From official G7 gatherings in the Bavarian mountains to court rulings in Washington, it almost seems like the Earth is turning upside down.
Does the arc of the moral universe, which has become almost cliché, really lean towards justice? Is history moving towards more freedom, more equality, more democracy, more peace? One could be forgiven for thinking that these ideas are the product of naively optimistic minds. But is this the right conclusion? Let’s come back to that in a moment.
In Bavaria, it may have been pure coincidence, but the jokes were rich in macho content. Apparently discussing whether to take off their jackets for a group photo, British Prime Minister Boris Johnson asked, “Jackets? Jackets removed? Shall we undress? »
All, of course, for geostrategic purposes. “We have to show that we are tougher than Putin,” Johnson added. Canada’s Justin Trudeau jokingly suggested doing the Putinesque “shirtless riding show.”
Johnson liked the idea, “Here! We gotta show them our pecs!”
Around the table with the seven leaders was Ursula von der Leyen, President of the European Commission and a “unlisted member”
from the G7 club; the only woman. She muttered valiantly, “Horseback riding is the best.” Was she gritting her teeth inside?
(The EU, not a country but a “supranational organization”,
occupies a special place within the G7).
With regard to the G7 summits, one of the most iconic images
came in 2018. You remember then-German Chancellor Angela Merkel standing with her arms leaning against the table, her eyes downcast, facing former President Donald Trump, who sat below her , looking at her, arms crossed.
This was the summit where Trump undermined the alliance, arrived late and left early,
refusing to sign the joint statement and unsuccessfully pressuring the group to readmit Russia and President Vladimir Putin, who were expelled for invading Ukraine’s Crimean peninsula in 2014.
The last time the G7 had no women, in 2005, was actually the G8, with Russia on board. A photograph of this summit,
in Scotland, shows Putin in his tuxedo with the other leaders and Queen Elizabeth II, their ceremonial host.
For a decade and a half, Merkel was a key player in the G7, always the only woman except for the two years when Britain’s Theresa May joined her. The reality is that the grouping, like the most powerful institutions in the world, has always been overwhelmingly male.
Every once in a while it seemed like a trend was starting. Merkel joined in 2006, May in 2018, and for a time it looked like the U.S. could have a female president
. Now we are back to 100% national membership of the G7 led by men.
There are many reasons why the fight for women to have a seat at the table – many seats – is so difficult. The decisions of a United States Supreme Court whose members were all chosen by male presidents and confirmed by male-dominated Senates are illustrative. (Although the most recent addition to the court is a woman.) After the court overturned Roe, the UN women’s agency warned, “Women’s ability to control what happens to their bodies is also associated with the other roles women can play in society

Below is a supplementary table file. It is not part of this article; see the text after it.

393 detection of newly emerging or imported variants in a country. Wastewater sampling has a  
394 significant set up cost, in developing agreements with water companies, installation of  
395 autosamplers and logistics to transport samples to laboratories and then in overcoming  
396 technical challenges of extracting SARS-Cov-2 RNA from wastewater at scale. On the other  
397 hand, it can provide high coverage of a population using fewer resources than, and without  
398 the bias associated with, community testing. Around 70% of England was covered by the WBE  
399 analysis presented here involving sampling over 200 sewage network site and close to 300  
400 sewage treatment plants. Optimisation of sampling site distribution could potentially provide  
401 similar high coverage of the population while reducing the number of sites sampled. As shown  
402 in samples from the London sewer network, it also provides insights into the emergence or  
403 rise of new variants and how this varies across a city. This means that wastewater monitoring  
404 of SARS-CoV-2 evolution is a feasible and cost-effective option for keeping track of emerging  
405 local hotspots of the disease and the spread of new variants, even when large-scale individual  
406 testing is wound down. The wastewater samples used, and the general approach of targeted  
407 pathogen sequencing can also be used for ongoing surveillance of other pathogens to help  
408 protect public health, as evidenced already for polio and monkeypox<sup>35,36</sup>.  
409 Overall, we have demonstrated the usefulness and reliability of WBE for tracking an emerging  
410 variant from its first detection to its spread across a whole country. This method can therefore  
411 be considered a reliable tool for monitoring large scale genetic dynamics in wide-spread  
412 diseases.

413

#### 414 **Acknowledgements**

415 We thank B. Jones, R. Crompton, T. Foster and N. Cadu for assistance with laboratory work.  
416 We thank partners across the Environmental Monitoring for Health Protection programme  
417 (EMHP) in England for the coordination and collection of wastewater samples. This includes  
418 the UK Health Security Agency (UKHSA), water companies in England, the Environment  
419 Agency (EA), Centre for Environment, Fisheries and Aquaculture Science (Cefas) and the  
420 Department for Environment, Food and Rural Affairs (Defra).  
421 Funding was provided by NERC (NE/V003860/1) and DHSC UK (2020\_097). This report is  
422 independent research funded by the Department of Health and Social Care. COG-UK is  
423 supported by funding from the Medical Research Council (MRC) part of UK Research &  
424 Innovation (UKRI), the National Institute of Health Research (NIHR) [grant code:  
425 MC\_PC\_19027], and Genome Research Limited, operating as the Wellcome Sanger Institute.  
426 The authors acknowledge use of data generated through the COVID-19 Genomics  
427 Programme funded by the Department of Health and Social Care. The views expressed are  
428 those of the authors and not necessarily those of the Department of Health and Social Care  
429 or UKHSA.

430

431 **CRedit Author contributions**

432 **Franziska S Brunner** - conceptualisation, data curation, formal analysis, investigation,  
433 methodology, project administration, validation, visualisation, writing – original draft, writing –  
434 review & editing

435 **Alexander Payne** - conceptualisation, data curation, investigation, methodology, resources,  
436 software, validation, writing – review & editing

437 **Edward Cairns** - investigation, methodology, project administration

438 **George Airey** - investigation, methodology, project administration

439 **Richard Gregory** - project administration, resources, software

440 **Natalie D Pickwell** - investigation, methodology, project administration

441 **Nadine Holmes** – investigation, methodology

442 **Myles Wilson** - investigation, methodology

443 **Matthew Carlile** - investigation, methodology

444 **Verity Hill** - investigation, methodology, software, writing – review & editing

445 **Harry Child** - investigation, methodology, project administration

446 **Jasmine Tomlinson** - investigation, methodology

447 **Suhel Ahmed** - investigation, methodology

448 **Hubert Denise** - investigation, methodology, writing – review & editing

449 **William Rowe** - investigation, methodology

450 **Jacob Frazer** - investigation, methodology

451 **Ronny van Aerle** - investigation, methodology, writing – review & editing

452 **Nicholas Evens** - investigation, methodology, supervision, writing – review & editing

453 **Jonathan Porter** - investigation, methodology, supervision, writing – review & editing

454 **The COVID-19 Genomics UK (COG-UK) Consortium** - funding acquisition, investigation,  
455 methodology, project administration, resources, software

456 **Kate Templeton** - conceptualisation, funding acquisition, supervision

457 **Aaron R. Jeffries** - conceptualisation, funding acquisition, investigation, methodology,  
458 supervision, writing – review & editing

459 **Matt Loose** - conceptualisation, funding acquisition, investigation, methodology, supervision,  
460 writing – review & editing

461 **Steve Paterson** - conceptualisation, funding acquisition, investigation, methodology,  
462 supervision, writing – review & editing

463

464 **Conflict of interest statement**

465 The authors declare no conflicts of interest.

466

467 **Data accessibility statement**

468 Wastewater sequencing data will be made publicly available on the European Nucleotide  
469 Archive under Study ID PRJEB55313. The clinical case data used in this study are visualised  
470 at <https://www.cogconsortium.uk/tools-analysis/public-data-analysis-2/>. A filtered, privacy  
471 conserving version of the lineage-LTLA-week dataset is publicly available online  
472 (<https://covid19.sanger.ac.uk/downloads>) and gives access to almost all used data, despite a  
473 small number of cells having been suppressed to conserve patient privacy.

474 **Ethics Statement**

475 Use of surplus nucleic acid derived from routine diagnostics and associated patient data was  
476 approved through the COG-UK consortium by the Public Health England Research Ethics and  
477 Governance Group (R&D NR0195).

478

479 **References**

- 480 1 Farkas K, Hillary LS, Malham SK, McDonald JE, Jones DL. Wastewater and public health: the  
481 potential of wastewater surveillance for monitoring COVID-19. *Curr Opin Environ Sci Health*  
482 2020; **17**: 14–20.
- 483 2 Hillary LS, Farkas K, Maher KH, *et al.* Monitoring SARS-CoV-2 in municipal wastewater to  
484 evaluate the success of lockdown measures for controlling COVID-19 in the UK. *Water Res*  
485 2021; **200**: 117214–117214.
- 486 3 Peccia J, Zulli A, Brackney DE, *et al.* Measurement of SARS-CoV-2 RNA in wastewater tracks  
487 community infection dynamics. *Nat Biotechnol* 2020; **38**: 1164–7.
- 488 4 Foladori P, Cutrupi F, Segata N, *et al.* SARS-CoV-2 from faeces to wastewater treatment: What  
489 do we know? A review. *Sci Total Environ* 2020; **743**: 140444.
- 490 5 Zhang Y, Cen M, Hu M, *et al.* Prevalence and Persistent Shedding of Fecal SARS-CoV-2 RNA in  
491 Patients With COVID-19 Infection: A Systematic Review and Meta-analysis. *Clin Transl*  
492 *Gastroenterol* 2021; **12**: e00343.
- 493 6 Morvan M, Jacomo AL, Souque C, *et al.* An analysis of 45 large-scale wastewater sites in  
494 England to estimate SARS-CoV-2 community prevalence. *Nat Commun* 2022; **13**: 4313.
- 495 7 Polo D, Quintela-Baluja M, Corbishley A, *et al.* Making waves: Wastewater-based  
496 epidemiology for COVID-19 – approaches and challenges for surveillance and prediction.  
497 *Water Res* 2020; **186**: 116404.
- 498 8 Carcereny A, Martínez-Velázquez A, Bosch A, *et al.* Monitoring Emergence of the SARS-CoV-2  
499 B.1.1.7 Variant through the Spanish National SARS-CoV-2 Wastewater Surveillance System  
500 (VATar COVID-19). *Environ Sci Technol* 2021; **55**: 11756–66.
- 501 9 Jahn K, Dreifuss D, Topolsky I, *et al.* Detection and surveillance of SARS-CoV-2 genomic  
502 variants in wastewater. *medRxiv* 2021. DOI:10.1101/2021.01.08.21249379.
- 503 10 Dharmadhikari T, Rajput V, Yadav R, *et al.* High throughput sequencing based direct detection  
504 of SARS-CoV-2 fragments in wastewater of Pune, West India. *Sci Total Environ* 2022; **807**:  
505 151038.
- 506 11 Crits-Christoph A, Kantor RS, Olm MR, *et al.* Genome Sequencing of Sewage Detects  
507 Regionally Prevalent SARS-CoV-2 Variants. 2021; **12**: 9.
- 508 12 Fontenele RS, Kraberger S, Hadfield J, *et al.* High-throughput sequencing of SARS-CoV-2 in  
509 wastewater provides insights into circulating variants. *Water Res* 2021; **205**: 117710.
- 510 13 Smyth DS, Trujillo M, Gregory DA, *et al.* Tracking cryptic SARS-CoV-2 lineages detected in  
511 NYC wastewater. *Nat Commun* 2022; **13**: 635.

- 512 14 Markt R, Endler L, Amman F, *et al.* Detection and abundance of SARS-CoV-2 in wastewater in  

whether as a member of the family, the workforce or the government. »
Centuries of imbalance cannot easily be reversed, as is now shockingly evident.
However, our view of history is limited. And the story is long.
The battle is tough, frustrating and includes crushing – temporary – defeats. But the story does not end there. And setbacks, significant as they are, don’t happen everywhere.
A look beyond the front seat of the G7 reveals something interesting. Of the seven countries, a majority – France, Canada, Germany and the UK – have female foreign ministers. The United States started having men in the State Department again after Madeline Albright
, Condoleezza Rice and Hillary Clinton. But everywhere in the world, the battle for women shows that what is happening in the United States despite the display at the G7, looks more like an anomaly than a trend.
In fact, global condemnation of the US abortion decision has extended to G7 leaders. French President Emmanuel Macron tweeted
her support for American women “whose freedoms are undermined” by the Court, as her party’s legislators proposed to guarantee the right to abortion
in the French constitution. Canada’s Trudeau called the decision, “horrible,
and Johnson called it a “huge step backwards.”
The United States is in a tiny minority to add restrictions to the right to abortion. Dozens of countries have rewritten their laws in recent years, nearly all of which have made reproductive choices more readily available to women. This is true even among devout Catholics Latin America
and Ireland. In Israel, in response to shock
of the United States, the government made access to abortion easier, in what the Minister of Health described as a “100-year setback in women’s rights”.
A very dear friend, a very successful woman, told me a few days ago that without the right to abortion, “I would be living in a caravan”. The stakes are simply too high to allow the usurpation of rights.
Eventually – I don’t know when – the United States will restore the national right to abortion. History does not move in a straight line, but eventually it does. Freedoms are won and lost. Democracies move forward and sometimes take nasty detours. Sometimes disaster strikes in places that seemed promising. This is one of the frightening lessons of history.
Another lesson from history is that positive change doesn’t happen without hard work by people who are committed to doing the work it requires. The image of the G7 will include women national leaders in the not too distant future. And in the United States, women will regain the rights that are now taken away from them.